Can We Engineer Social Ecosystems?

TEDxCambridgeSalon,  ,  2018.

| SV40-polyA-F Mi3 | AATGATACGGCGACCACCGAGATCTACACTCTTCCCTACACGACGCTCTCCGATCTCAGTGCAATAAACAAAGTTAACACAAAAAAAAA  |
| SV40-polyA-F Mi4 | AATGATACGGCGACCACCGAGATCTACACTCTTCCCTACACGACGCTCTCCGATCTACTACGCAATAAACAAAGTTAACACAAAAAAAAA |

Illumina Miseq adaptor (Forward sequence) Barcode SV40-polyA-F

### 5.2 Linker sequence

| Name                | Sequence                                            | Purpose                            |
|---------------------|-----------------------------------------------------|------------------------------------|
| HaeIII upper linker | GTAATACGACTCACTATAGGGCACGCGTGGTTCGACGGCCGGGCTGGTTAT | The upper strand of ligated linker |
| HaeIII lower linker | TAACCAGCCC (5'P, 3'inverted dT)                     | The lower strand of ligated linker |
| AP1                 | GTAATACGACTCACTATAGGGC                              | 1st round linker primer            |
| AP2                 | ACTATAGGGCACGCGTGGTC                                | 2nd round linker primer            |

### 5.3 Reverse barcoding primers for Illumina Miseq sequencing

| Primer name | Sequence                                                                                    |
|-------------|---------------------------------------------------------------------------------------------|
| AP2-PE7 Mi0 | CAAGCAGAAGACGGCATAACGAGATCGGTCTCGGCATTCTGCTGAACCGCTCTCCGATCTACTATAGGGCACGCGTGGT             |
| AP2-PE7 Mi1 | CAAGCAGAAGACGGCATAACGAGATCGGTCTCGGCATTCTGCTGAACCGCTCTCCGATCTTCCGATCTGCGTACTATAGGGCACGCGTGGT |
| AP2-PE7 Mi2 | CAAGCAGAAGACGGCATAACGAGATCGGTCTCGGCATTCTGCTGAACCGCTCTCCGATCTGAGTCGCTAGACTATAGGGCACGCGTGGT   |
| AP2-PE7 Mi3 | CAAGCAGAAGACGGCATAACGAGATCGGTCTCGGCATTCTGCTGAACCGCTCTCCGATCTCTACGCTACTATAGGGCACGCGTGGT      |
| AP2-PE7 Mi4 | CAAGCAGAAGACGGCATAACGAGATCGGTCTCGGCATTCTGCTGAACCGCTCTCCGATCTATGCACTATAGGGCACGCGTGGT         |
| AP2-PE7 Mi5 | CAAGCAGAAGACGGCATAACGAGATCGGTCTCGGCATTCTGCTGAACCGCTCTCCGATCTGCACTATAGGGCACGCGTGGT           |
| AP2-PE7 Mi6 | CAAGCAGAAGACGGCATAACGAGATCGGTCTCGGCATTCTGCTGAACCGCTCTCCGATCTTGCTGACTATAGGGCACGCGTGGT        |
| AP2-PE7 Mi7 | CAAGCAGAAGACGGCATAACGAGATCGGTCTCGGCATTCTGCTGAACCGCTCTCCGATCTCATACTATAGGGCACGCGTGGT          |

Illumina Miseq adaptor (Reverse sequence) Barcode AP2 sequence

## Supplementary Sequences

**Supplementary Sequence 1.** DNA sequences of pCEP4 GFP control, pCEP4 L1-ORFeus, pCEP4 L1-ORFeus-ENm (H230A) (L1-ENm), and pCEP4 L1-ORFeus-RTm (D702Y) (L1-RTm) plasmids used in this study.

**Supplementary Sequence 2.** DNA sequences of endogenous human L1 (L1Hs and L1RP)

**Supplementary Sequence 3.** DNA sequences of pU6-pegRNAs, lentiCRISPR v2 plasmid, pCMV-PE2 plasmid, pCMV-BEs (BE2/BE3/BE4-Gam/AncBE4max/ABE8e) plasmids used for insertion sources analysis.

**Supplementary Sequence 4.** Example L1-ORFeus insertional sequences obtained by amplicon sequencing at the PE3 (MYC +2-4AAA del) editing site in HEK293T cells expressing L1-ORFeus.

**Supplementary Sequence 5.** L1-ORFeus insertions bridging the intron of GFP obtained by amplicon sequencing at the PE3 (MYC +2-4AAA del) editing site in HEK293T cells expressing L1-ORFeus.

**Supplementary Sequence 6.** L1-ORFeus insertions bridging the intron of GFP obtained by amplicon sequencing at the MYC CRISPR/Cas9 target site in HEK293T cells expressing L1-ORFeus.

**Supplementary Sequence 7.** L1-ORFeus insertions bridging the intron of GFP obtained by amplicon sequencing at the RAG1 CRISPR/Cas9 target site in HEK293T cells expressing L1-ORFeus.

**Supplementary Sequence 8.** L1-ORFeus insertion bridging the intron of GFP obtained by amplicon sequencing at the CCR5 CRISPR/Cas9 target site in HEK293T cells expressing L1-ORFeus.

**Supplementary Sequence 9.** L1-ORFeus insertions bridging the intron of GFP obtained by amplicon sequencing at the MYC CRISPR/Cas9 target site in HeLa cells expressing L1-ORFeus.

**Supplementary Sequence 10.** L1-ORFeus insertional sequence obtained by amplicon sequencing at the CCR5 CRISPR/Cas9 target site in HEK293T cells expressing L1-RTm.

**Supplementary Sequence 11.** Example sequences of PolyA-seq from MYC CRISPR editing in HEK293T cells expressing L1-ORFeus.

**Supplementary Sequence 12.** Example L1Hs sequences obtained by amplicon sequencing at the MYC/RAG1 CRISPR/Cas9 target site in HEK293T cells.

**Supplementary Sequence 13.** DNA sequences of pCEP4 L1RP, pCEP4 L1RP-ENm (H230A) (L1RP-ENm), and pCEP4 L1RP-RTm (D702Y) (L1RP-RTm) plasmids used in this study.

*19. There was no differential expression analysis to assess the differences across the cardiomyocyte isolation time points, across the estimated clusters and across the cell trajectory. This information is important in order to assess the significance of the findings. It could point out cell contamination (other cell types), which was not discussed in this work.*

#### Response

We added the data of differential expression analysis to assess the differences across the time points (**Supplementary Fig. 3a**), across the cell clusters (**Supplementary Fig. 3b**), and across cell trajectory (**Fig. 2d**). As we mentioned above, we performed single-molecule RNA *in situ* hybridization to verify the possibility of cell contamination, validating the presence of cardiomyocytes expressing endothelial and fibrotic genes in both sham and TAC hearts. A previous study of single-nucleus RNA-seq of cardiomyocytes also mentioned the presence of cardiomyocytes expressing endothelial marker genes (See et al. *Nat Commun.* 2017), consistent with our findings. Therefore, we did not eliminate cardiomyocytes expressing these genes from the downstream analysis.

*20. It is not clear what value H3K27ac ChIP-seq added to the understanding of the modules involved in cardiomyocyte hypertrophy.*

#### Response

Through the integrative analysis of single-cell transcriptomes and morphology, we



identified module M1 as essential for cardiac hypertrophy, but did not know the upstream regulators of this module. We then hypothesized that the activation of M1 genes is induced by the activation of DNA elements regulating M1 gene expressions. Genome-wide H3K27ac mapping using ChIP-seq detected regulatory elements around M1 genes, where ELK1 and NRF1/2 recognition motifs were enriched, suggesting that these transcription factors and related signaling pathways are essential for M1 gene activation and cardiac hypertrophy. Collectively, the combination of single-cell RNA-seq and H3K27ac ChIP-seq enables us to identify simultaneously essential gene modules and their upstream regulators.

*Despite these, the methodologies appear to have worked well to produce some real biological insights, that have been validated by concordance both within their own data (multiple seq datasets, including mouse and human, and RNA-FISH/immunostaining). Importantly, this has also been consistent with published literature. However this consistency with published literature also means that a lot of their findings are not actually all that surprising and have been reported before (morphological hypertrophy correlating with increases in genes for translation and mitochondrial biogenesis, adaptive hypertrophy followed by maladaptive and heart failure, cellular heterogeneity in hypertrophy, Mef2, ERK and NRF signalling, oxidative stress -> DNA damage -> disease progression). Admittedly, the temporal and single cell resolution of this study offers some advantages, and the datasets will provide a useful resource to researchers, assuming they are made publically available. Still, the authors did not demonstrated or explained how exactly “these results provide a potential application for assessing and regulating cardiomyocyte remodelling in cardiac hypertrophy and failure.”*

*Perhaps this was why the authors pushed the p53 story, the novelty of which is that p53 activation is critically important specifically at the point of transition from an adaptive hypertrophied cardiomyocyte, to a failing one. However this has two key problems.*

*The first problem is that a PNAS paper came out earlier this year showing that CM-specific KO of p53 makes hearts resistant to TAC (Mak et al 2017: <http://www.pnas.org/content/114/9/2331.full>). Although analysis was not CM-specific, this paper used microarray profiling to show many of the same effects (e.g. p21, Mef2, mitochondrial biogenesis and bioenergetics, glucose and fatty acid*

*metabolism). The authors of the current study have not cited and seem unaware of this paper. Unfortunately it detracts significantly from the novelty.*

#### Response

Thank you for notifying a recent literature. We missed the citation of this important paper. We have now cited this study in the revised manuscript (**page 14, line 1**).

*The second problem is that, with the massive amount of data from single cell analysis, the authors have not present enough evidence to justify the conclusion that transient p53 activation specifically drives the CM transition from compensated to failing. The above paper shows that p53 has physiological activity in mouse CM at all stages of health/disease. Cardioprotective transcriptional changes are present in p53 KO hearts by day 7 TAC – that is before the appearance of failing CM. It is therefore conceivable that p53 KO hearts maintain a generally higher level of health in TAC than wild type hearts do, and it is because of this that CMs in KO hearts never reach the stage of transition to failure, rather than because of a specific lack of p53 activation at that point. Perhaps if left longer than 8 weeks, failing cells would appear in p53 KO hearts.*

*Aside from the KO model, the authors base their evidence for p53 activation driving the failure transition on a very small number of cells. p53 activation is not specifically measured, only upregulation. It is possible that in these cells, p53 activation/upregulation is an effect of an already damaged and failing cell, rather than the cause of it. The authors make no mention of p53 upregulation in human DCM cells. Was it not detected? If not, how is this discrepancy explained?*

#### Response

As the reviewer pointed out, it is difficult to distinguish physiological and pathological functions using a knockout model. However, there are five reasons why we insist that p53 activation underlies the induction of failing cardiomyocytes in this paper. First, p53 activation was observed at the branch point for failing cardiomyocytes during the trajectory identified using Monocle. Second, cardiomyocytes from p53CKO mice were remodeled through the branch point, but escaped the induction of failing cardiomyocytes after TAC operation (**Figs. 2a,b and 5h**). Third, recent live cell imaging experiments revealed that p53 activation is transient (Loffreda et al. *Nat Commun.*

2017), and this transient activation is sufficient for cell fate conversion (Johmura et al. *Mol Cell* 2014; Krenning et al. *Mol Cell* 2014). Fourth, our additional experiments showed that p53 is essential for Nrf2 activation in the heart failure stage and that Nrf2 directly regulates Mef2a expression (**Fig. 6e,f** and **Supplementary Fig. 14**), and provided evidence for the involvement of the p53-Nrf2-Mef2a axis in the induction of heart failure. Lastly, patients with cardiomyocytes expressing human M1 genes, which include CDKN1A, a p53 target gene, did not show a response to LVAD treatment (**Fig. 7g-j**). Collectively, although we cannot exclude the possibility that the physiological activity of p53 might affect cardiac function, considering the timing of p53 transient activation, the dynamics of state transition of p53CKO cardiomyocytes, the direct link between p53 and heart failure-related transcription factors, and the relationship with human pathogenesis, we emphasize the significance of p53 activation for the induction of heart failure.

Might our fraying socioeconomic institutions and cultural ecosystems be victims of evolved parasitic strategies? If so, how might we repair them? Kevin Esvelt, the head of the Sculpting Evolution Group at the MIT Media Lab, describes why ecosystems aren’t optimized by natural selection, why institutions fail to adapt to changing conditions, and how antiquated closed-door science renders us vulnerable to discovering technologies that could threaten civilization. Kevin Esvelt is director of the Sculpting Evolution group, which invents new ways to study and influence the evolution of ecosystems. By carefully developing and testing these methods with openness and humility, the group seeks to address difficult ecological problems for the benefit of humanity and the natural world. Prior to joining the MIT Media Lab, Esvelt wove many different areas of science into novel approaches to ecological engineering. He invented phage-assisted continuous evolution (PACE), a synthetic microbial ecosystem for rapidly evolving biomolecules, in the laboratory of David R. Liu at Harvard University. At the Wyss Institute, he worked with George Church to develop the CRISPR system for genome engineering and regulation, and he began exploring the use of bacteriophages and conjugation to engineer microbial ecosystems. This talk was given at a TEDx event using the TED conference format but independently organized by a local community. Learn more at